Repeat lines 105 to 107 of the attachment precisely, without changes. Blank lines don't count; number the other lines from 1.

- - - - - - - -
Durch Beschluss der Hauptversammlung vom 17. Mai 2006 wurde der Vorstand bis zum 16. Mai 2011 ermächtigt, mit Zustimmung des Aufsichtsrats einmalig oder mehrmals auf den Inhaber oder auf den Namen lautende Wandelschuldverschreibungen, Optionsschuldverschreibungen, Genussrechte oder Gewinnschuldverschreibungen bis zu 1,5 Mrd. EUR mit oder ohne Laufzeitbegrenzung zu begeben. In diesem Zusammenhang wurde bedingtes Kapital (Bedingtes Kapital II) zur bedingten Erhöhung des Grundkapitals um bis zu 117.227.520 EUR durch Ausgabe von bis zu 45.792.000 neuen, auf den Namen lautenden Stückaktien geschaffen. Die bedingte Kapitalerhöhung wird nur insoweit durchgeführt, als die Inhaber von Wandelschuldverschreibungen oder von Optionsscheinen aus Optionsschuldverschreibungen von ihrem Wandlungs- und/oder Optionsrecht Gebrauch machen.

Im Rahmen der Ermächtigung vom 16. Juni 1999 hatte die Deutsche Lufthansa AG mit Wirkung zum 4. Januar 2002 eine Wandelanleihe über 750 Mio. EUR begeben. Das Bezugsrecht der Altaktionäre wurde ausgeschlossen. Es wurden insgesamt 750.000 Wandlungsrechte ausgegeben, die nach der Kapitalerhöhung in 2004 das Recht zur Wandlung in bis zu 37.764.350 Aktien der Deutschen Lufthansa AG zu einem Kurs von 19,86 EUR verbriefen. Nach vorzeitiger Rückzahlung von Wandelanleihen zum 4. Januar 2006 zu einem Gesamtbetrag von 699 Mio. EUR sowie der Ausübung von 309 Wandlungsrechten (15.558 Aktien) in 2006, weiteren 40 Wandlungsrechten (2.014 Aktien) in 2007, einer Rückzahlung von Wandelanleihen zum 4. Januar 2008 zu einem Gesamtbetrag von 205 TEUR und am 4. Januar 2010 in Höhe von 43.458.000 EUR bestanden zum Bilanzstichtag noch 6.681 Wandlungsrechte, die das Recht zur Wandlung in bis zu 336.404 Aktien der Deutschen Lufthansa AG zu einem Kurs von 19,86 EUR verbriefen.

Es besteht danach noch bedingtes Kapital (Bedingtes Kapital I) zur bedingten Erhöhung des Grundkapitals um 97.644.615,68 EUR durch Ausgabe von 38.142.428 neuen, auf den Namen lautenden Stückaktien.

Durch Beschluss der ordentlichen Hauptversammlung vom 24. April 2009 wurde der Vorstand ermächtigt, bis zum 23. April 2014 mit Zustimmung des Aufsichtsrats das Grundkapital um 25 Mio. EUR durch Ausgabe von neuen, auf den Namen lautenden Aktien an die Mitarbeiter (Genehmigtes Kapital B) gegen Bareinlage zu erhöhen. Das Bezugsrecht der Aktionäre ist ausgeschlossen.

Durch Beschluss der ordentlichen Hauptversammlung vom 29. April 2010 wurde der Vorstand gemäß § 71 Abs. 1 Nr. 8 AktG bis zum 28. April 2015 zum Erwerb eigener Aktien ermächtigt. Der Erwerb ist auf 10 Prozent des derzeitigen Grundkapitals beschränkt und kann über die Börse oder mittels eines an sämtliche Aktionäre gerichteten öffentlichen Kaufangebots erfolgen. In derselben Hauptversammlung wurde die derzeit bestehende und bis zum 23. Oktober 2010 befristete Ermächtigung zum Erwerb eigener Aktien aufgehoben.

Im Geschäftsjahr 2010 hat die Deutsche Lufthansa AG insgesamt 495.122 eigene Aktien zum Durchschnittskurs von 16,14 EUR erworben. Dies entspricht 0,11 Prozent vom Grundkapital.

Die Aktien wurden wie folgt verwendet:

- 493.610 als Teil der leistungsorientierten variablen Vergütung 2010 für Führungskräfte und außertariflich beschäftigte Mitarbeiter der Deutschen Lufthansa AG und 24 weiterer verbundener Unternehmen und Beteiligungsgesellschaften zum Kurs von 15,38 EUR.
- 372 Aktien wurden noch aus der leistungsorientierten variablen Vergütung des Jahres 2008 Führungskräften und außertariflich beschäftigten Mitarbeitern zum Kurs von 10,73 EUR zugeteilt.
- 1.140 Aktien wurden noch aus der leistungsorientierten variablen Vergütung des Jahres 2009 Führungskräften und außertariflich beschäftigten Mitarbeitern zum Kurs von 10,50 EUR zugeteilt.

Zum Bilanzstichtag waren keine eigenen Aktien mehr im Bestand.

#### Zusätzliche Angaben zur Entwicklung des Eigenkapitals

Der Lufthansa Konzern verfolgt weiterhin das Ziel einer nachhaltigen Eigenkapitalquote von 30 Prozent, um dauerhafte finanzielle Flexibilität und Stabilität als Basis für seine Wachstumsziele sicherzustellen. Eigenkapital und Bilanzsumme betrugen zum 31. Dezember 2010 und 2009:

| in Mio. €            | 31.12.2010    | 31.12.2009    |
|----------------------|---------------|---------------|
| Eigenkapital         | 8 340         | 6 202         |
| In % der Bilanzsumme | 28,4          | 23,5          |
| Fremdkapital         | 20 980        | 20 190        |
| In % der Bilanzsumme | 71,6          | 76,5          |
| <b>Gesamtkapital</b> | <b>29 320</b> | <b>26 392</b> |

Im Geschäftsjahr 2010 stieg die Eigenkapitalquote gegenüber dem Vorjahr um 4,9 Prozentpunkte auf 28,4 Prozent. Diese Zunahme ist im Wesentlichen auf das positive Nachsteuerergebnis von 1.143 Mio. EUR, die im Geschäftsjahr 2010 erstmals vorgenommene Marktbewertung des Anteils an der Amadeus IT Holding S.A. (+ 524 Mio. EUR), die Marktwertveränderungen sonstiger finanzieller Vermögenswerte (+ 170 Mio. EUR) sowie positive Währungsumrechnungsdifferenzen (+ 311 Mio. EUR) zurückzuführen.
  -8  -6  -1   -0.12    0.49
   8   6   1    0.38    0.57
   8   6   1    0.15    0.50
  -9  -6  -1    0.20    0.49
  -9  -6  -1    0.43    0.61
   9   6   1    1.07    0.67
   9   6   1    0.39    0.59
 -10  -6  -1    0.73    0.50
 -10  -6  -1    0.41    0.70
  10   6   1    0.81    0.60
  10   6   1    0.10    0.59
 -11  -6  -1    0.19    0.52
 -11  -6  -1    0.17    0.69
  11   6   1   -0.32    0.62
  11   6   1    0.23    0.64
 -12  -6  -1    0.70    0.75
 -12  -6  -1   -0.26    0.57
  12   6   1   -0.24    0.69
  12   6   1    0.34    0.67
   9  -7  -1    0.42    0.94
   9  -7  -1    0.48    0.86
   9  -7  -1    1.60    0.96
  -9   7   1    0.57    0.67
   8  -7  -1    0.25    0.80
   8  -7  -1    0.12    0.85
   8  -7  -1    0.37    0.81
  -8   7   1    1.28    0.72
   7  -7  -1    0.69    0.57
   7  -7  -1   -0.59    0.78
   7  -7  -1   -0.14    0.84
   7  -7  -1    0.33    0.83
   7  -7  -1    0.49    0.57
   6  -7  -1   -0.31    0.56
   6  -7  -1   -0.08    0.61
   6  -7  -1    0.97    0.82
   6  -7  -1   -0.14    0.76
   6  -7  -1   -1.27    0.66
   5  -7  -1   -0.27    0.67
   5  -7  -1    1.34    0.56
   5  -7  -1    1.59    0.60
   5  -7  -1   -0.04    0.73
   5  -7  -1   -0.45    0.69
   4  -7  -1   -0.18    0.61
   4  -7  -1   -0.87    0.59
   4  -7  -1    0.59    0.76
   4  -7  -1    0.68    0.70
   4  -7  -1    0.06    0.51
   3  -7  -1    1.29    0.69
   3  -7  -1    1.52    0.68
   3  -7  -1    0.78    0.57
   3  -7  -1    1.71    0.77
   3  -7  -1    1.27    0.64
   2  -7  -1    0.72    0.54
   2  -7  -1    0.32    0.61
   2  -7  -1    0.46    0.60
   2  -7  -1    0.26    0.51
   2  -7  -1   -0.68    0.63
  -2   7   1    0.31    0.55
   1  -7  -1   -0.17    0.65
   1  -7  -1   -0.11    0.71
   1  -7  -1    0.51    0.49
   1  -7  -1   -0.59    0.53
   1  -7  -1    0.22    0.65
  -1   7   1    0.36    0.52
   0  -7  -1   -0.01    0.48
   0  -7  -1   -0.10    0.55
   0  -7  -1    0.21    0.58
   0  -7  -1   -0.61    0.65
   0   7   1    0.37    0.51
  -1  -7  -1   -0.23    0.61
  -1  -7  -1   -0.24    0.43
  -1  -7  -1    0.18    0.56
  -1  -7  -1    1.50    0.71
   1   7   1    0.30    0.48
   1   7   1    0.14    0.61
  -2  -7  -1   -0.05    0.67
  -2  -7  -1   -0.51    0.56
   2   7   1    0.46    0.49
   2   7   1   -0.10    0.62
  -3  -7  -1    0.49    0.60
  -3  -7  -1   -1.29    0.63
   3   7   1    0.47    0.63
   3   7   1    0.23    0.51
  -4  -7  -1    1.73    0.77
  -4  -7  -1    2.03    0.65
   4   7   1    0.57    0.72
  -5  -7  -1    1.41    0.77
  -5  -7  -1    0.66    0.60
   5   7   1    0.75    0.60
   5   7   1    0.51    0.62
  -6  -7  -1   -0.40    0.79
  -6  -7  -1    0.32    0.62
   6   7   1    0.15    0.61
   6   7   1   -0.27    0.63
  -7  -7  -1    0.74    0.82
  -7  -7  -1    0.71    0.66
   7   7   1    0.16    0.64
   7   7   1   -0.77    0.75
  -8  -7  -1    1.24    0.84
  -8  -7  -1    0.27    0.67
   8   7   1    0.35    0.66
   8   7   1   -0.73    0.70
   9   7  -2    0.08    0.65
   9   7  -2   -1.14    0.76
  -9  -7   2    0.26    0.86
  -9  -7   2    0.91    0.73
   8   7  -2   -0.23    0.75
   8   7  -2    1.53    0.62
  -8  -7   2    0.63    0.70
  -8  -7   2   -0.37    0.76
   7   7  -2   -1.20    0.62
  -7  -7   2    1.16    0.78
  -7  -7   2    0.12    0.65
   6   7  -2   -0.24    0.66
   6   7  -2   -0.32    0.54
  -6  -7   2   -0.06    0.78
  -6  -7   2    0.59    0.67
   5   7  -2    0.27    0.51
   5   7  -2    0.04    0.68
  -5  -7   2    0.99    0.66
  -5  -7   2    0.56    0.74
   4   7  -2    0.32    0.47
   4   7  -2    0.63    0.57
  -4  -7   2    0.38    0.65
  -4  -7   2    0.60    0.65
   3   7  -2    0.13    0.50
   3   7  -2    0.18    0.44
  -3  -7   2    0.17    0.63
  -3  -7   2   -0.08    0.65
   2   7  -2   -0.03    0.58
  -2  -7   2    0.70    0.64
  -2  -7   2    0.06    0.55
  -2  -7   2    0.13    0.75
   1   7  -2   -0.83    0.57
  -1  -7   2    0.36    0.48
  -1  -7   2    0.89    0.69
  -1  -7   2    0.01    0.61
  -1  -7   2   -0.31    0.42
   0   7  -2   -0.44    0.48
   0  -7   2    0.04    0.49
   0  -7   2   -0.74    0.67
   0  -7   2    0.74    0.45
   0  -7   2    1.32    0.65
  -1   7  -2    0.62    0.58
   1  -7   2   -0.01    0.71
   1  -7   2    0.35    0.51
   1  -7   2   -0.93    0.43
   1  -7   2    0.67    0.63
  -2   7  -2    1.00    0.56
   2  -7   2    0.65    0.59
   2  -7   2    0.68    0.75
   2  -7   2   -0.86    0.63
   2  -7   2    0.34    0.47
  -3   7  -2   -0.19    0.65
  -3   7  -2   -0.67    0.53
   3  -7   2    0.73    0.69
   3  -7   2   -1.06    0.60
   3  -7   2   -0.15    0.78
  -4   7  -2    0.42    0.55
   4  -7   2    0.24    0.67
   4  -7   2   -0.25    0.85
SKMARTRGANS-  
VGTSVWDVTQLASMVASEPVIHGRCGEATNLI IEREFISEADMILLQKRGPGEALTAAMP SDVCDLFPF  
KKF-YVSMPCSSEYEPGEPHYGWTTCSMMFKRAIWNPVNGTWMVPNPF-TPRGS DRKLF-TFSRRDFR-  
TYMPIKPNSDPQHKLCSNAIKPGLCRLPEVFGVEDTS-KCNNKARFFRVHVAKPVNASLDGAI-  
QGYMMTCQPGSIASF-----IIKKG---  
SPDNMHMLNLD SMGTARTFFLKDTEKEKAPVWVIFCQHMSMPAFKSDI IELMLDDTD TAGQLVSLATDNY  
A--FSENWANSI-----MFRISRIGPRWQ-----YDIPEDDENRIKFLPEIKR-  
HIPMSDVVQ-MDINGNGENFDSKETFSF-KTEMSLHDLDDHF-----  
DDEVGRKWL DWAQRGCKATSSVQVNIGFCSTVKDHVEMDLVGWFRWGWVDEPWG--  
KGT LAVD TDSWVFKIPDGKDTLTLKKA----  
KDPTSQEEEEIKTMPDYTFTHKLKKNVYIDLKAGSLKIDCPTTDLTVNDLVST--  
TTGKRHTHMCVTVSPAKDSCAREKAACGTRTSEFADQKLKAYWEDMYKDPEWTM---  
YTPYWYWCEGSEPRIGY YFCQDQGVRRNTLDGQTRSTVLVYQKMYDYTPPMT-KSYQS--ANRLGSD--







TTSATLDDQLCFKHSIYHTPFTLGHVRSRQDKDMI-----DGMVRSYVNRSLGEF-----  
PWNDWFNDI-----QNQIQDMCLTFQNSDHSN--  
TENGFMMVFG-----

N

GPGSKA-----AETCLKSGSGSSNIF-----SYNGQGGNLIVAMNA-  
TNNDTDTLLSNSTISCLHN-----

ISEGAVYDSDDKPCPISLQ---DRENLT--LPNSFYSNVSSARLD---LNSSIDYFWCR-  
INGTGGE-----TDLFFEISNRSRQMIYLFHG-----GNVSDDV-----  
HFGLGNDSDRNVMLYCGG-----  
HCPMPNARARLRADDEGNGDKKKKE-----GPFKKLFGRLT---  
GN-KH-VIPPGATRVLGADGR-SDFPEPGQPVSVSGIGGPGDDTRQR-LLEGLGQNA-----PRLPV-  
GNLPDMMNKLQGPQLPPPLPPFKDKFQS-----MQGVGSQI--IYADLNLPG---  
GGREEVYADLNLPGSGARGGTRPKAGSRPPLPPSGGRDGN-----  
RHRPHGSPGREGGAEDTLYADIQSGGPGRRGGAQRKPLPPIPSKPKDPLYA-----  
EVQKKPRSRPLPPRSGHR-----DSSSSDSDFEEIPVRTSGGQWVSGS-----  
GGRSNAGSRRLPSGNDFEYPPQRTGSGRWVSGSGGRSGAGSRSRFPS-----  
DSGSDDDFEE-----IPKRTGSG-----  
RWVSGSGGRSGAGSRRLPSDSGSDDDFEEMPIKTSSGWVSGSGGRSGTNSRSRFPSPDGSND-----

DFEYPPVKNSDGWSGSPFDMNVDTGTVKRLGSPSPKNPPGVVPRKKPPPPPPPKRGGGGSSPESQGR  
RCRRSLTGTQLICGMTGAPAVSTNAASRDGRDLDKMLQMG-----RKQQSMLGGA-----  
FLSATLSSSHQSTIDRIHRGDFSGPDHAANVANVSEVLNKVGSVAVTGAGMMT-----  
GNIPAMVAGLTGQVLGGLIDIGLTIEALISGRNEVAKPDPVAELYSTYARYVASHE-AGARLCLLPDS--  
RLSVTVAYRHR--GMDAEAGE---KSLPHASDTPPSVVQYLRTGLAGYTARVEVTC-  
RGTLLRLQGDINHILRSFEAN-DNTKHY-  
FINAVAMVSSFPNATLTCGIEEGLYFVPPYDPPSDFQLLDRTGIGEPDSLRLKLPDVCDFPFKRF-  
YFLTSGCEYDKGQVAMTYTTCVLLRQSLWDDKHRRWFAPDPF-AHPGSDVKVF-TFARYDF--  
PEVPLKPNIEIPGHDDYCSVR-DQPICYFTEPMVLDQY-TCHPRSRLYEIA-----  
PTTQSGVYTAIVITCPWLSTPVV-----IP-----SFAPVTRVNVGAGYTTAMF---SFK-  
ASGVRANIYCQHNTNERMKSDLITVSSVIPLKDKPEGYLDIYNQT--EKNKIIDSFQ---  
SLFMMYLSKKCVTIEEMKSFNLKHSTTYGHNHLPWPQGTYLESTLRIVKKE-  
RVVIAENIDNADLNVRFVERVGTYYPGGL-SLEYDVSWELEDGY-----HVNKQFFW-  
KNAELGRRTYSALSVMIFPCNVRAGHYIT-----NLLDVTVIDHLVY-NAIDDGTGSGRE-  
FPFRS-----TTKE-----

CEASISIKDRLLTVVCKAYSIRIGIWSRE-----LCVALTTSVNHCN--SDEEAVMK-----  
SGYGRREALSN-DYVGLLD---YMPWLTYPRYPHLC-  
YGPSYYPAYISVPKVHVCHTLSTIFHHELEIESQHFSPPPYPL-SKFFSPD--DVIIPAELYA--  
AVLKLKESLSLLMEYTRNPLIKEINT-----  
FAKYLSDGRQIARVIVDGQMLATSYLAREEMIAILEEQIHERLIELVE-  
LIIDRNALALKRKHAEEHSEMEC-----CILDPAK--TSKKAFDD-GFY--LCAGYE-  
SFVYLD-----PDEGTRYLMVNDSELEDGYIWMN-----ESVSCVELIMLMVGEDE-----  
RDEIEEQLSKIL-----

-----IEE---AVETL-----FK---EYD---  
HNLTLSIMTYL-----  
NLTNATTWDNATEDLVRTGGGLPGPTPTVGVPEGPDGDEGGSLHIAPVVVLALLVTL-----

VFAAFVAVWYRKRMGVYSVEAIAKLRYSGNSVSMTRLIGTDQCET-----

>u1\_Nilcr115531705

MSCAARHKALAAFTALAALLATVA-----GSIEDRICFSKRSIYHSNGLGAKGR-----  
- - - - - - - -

  -4  -7  -1    1.73    0.77
  -4  -7  -1    2.03    0.65
   4   7   1    0.57    0.72